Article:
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BILL SUMMARY UNITED NATIONS TRANSPARENCY, ACCOUNTABILITY, AND REFORM ACT OF 2011
Title I Funding of the United Nations: States the policy of the U.S. to pursue shifting the UN regular budget to a voluntary basis (rather than the current assessed basis). This will allow the U.S. to fund only UN agencies and programs that advance U.S. interests and values, and the resulting competition among UN entities for funding will likely make those entities more transparent, accountable, and effective. This title gives the UN two years after this bills enactment date to phase in this reform before the U.S. is required to withhold funds. However, after two years, should less than 80% of the UN regular budget be funded on a voluntary basis, then the U.S. shall, until the 80% threshold is met, withhold 50% of its non-voluntary regular budget contributions assessed by the UN. Note that this creates a sliding incentive scale, not an all-or-nothing sanction: The more the UN makes its regular budget voluntary, the less we withhold, up until the UN hits 80% voluntary funding, at which point there would be no withholdings. This title also requires reporting from the State Department on the status of UN reform. Title II Transparency and Accountability for U.S. Contributions to the United Nations: Authorizes the Comptroller General (head of the Government Accountability Office) to investigate and audit the use of U.S. contributions to the UN , and makes funding of UN entities contingent upon their providing the CG with written pledges to cooperate in sharing basic oversight information with the CG and Congress and to operate in a fully accountable manner (including by taking a number of specific measures to ensure accountability), and complying with those pledges. Also protects Congresss role in determining funding levels to UN entities, by prohibiting U.S. contributions to the UN for being used for any purpose other than the specific purposes for which it was made available by Congress (for example. funds made available for assessed contributions could not be used for voluntary contributions and vice versa). Also makes it U.S. policy to seek repayment to the U.S. Treasury of any overpayments made to any UN entity, and to seek reform of the UN Tax Equalization Fund. Title III U.S. Policy at the United Nations: States U.S. policy on various issues relating to the UN (e.g., transparency, reform, Security Council expansion, terrorism, anti-Semitism, treatment of Israel) and requires reports from the State Department on UN reform and personnel practices. Title IV Status of Palestinian Entities at the United Nations: Opposes efforts by the Palestinian leadership to evade a negotiated settlement with Israel and undermine opportunities for peace by seeking de facto recognition of a Palestinian state by the UN (through gaining membership for Palestine in UN agencies or programs). Withholds U.S. contributions from any UN agency or program that upgrades the status of the PLO/Palestinian observer mission. Title V Goldstone Report: States that it is U.S. policy to lead a high-level diplomatic campaign calling for the revocation and repudiation of the Goldstone Report and its follow-on measures by the UN General Assembly. Also states that it is U.S. policy to consider the Goldstone Report, which falsely accused Israel of deliberately attacking Palestinian civilians during Operation Cast Lead, to be irredeemably biased and unworthy of consideration, legitimization, or support. Also states that it is U.S. policy to strongly and unequivocally oppose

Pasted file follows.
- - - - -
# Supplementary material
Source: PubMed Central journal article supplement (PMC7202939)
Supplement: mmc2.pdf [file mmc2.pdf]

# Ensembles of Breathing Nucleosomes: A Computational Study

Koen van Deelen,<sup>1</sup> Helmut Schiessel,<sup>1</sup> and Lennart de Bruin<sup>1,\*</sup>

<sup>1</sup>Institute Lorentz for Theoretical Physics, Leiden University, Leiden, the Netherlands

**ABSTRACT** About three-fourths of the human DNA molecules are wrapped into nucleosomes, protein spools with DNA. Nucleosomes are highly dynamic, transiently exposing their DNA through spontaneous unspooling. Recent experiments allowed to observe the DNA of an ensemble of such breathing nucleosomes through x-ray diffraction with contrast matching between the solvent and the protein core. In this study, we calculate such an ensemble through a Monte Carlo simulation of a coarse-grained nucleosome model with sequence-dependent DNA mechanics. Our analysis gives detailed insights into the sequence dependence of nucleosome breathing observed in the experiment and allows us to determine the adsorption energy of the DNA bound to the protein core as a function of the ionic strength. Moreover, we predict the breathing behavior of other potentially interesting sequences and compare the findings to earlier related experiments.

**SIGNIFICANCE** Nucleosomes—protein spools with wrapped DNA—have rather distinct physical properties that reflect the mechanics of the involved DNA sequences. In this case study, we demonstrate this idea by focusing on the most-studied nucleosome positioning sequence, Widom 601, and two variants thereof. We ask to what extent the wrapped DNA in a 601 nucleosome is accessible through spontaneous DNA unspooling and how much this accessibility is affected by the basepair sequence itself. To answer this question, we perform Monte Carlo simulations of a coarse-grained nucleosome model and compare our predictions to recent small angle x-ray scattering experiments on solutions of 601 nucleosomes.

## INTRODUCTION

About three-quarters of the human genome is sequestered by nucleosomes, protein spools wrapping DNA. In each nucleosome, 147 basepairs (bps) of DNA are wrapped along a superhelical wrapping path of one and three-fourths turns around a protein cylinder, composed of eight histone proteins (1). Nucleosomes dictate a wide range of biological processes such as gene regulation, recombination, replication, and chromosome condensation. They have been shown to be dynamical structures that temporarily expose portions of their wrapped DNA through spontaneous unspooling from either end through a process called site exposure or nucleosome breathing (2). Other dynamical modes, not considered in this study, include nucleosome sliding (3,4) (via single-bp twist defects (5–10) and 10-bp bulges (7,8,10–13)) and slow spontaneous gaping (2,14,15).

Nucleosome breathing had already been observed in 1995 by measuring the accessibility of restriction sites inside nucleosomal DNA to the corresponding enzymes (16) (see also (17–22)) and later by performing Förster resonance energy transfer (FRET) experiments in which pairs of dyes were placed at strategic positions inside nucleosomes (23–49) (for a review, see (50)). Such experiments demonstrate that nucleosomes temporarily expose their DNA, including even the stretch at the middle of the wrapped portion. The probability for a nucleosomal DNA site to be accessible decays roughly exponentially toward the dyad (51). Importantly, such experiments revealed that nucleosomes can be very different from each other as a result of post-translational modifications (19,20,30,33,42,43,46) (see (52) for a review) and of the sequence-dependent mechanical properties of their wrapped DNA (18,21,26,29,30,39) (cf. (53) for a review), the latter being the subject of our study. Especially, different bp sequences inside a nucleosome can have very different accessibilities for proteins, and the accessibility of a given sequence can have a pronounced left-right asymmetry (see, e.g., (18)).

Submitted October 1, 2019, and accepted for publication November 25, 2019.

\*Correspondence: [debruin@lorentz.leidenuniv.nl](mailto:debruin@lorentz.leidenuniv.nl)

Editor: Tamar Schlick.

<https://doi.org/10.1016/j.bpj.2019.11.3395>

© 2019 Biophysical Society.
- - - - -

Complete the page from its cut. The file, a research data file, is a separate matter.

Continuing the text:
Page 2 of 2 any consideration, legitimization, or support of the Goldstone Report or measures stemming from the report in multilateral organizations, and to encourage other nations to repudiate the report. Would also withhold U.S. funding from the Goldstone Report and its preparatory and follow-on measures. Title VI United Nations Human Rights Council: States that the U.S. may not run for a seat on the Council, and must withhold a proportionate share of our UN regular budget contribution equal to our proportion of Council funding, until State can certify that the Council does not include Members: subject to Security Council sanctions; under Security Council-mandated human rights investigation; that are state sponsors of terrorism; or that are countries of particular concern for religious freedom violations. Title VII Durban Process: Withholds U.S. funding from any part of the UNs irreparably flawed Durban process (including the upcoming Durban 3 meeting), which was supposed to fight racism and bigotry, but which has been hijacked by rogue regimes and used to advance an antiIsrael, anti-Semitic, anti-Western, anti-freedom agenda. Supports the decision of the U.S. and other countries to not participate in the Durban 2 and 3 conferences. States that it is U.S. policy to lead a high-level diplomatic campaign to encourage other countries not to participate in, fund, or legitimize any part of the Durban process, and to develop credible alternative forums to fight racism and bigotry. Prohibits funding for U.S. participation in the Durban 3 meeting or any other part of the Durban process. Title VIII UNRWA: Prohibits U.S. funding to UNRWA, the United Nations Relief and Works Agency, which aids Palestinian refugees. Despite failing to meet the requirements under U.S. law to obtain foreign assistance, UNRWA has received about $500 million in FY 2009 and 2010 alone, with over $230 million in further funding included in the Administrations FY 2012 budget request. The prohibition on funding would remain in place until UNRWA: vets its staff and aid recipients through U.S. watch lists for ties to Foreign Terrorist Organizations; stops engaging in anti-Israel propaganda and politicized activities; improves its accountability and transparency; and stops banking with any financial institutions under U.S. designation for terror financing or money laundering. Title IX International Atomic Energy Agency (IAEA): Directs the U.S. Permanent Representative to the IAEA to advance a number of reforms at the organization, including measures to strengthen the IAEA's ability to monitor member states' compliance with their obligations and ensure that states not in compliance do not receive nuclear-related assistance from the IAEA or other countries. In addition, conditions would be placed on the U.S. financial contribution to the IAEA to ensure that state sponsors of terrorism, such as Iran and Syria, do not receive such assistance. Title X Peacekeeping: Calls for far-reaching reforms in the areas of planning, management, conduct and accountability in UN peacekeeping, and mandates the withholding of U.S. support for new or expanded peacekeeping missions until the most critical, but immediately achievable, reforms are instituted (subject to a Presidential waiver based on vital U.S. national security interests or avoidance of genocide).